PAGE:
The play begins in Scythia, the ends of the earth. Hephaestus, the blacksmith of the gods, enters with Power and Force and they begin to discuss the fate of Prometheus. Prometheus is condemned by Zeus because he stole fire from the Gods to give to the mortals. Zeus’ anger invoked a terrible punishment for Prometheus. He was nailed to a rock and forced to have his liver eaten by an eagle only to grow back each day for eternity.
Hephaestus is upset by this terribly violent punishment, and tells Prometheus he is sorry, but what did you expect would happen if you give the mortals too much power? Power and Force are not sympathetic at all and chide Hephaestus for having so much pity for his cousin. They also warn Hephaestus that he should not protest too loudly over the fate of Prometheus, lest it happen to him as well.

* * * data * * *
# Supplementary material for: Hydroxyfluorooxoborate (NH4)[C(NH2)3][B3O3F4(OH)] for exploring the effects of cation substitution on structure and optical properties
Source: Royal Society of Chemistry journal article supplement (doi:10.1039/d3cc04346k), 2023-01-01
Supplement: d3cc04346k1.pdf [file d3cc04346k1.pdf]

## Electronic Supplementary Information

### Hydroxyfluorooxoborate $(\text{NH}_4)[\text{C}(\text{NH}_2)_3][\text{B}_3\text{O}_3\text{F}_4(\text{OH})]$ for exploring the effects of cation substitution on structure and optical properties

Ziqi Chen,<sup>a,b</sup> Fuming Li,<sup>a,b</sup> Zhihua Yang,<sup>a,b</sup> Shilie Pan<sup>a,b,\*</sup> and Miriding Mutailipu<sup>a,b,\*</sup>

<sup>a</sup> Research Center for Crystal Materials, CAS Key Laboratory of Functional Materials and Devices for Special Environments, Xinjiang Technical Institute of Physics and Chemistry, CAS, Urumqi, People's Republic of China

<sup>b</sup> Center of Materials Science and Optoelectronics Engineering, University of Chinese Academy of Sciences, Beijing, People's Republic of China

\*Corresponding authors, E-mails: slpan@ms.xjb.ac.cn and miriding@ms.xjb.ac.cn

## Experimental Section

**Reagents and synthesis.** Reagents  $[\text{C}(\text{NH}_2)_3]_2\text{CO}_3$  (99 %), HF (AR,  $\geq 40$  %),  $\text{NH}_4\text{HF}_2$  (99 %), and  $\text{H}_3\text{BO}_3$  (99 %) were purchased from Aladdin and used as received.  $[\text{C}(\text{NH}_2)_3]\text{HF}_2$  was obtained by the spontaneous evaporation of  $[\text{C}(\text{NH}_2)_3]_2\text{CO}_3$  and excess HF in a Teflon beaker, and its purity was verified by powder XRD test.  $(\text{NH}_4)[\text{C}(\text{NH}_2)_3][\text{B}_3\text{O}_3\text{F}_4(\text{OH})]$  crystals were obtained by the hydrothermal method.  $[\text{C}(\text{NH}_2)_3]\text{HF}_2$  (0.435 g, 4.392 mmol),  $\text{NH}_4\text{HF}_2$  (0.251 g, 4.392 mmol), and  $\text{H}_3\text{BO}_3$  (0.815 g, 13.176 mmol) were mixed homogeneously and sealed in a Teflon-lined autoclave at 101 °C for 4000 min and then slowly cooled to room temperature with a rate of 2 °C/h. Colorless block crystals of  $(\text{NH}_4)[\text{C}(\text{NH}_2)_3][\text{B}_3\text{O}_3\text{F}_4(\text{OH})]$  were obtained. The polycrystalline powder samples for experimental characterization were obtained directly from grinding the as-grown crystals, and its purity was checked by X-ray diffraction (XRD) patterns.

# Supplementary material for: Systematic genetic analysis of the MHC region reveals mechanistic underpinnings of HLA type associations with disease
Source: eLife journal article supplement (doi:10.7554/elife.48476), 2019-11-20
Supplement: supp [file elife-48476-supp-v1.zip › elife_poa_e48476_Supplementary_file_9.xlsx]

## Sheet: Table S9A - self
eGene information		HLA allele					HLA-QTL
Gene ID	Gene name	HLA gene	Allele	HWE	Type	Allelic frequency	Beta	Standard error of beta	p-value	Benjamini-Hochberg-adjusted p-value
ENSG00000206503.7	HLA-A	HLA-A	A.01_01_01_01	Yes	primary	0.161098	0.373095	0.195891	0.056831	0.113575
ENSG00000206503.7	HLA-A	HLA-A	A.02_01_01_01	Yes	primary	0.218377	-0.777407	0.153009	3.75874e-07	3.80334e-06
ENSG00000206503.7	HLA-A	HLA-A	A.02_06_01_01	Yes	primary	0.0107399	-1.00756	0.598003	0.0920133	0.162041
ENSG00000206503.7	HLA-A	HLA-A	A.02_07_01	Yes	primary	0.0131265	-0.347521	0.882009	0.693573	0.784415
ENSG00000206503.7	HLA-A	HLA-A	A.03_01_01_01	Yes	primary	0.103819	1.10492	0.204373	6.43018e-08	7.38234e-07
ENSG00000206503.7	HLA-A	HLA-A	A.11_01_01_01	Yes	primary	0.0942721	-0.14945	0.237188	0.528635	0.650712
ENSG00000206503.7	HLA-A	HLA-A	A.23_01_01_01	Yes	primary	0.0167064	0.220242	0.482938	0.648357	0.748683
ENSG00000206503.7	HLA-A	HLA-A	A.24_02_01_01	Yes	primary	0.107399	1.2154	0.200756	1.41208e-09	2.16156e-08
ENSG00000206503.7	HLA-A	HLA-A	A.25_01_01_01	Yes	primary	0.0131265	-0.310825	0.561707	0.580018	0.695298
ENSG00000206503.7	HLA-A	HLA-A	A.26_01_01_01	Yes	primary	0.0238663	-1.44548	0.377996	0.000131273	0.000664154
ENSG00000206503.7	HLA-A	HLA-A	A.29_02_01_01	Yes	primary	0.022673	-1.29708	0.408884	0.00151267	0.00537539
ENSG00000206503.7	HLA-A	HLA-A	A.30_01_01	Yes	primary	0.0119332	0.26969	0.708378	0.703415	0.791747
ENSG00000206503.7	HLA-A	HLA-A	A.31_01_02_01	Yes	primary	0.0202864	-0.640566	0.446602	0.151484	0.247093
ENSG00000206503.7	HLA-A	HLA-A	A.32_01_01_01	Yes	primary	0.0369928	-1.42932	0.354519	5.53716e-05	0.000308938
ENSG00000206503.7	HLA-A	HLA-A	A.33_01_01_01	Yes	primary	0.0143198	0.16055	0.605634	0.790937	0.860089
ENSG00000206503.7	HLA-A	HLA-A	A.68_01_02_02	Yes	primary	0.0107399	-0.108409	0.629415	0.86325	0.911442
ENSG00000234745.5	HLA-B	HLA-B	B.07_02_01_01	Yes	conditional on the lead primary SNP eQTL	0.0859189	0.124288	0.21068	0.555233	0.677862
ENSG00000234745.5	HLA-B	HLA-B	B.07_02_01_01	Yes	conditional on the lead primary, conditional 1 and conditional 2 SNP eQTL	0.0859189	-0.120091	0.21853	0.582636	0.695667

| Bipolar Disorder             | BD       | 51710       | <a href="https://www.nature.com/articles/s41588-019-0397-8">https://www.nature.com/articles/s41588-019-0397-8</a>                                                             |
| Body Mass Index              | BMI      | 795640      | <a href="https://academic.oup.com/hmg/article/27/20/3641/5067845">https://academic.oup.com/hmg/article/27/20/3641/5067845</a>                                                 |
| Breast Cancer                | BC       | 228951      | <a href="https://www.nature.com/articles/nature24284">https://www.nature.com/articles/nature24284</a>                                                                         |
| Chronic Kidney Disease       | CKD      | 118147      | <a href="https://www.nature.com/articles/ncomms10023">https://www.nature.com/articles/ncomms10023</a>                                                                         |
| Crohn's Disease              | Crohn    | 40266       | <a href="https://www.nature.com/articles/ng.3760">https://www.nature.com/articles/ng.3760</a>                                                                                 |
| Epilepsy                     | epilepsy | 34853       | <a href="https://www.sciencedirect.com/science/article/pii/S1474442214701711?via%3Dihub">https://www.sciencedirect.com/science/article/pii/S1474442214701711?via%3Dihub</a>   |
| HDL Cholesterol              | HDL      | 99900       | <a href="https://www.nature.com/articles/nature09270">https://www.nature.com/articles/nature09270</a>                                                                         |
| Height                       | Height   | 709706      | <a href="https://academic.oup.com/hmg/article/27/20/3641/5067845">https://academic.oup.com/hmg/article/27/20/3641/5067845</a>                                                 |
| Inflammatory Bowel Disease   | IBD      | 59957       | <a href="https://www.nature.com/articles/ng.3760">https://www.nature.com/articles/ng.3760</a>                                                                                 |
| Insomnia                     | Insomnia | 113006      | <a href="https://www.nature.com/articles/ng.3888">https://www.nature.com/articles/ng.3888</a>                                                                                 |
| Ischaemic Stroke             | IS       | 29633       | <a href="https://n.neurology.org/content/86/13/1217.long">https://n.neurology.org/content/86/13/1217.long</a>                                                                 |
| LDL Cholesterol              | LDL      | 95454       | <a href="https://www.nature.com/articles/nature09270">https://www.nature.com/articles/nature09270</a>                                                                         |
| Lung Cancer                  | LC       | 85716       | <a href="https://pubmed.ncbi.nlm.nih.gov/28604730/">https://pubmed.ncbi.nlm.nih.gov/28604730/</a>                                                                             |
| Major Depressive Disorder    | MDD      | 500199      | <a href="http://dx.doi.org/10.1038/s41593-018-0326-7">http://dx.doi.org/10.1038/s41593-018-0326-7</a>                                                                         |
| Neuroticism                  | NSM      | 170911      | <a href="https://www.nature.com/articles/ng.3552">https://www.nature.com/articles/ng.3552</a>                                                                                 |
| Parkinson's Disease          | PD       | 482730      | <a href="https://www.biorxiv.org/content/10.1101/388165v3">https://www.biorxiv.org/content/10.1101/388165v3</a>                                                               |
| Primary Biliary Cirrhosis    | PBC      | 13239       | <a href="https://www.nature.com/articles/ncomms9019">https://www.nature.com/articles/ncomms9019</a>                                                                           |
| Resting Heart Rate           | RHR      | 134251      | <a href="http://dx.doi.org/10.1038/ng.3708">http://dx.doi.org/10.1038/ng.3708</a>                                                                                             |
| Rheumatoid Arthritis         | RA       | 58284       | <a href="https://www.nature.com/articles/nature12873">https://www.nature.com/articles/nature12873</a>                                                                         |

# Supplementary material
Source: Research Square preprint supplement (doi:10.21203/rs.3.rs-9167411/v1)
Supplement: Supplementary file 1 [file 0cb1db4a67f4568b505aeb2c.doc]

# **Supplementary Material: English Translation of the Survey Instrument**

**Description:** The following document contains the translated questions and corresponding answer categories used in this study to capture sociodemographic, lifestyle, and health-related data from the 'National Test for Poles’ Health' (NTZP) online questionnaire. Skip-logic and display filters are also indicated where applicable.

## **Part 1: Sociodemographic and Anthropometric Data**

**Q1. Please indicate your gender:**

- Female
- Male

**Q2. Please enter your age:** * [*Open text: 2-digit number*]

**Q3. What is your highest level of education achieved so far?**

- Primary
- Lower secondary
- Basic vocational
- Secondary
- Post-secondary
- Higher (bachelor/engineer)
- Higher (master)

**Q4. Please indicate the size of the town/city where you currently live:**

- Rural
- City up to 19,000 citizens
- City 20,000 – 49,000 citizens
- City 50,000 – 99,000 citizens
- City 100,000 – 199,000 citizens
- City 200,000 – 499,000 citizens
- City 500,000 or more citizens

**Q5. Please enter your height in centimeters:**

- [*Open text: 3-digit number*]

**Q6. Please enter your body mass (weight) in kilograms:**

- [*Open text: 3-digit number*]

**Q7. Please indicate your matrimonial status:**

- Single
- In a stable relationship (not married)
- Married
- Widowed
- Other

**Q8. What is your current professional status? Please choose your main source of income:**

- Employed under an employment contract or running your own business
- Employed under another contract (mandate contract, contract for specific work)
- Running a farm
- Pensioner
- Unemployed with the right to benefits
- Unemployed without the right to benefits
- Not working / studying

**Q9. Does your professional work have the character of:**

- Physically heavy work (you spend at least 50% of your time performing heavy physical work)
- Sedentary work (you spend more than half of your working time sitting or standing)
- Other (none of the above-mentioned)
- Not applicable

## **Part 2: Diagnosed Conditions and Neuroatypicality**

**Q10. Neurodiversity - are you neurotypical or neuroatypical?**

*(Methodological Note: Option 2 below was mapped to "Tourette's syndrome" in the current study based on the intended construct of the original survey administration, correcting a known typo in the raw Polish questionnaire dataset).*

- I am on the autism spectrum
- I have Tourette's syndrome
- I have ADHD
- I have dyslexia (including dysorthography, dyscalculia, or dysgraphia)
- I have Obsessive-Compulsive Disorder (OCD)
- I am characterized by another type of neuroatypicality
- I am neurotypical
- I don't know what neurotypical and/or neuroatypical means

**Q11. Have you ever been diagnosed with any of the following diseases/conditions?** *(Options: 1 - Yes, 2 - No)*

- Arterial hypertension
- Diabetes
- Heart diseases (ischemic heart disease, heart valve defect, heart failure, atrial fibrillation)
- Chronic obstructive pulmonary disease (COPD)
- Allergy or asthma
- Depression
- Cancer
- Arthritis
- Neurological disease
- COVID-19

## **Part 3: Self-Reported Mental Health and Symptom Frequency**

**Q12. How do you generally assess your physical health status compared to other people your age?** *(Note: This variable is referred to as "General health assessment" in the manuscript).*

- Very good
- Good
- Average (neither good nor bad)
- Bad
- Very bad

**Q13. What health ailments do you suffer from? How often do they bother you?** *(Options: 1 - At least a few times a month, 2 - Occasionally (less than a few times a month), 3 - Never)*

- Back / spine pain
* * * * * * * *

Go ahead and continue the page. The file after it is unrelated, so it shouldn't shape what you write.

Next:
After being chained to the rock, Prometheus speaks of his suffering, and how he knows the fate of the world, but cannot change either his own fate or that of mankind. He runs into Io, the poor woman who was seduced by Zeus and then turned into a cow by Hera to be tortured by flies and spurned across the earth for the rest of her days. All the suffering at the Gods mercy upsets both the lives of this poor mortal, Io, and the God Prometheus. As he is chained to a rock and tormented, Prometheus gains nobility and takes his burden with more grace than the higher Gods live their lives.
The play is a treatise on tyranny and heroism. Prometheus, by giving enlightenment to mortals is the ideal hero. Despite his terrible fate, the man entered his punishment with open eyes and has no regrets for with knowledge comes responsibility. Prometheus also knows that eventually Zeus will need his help, and the ruler of the Gods will release him from his terrible bonds.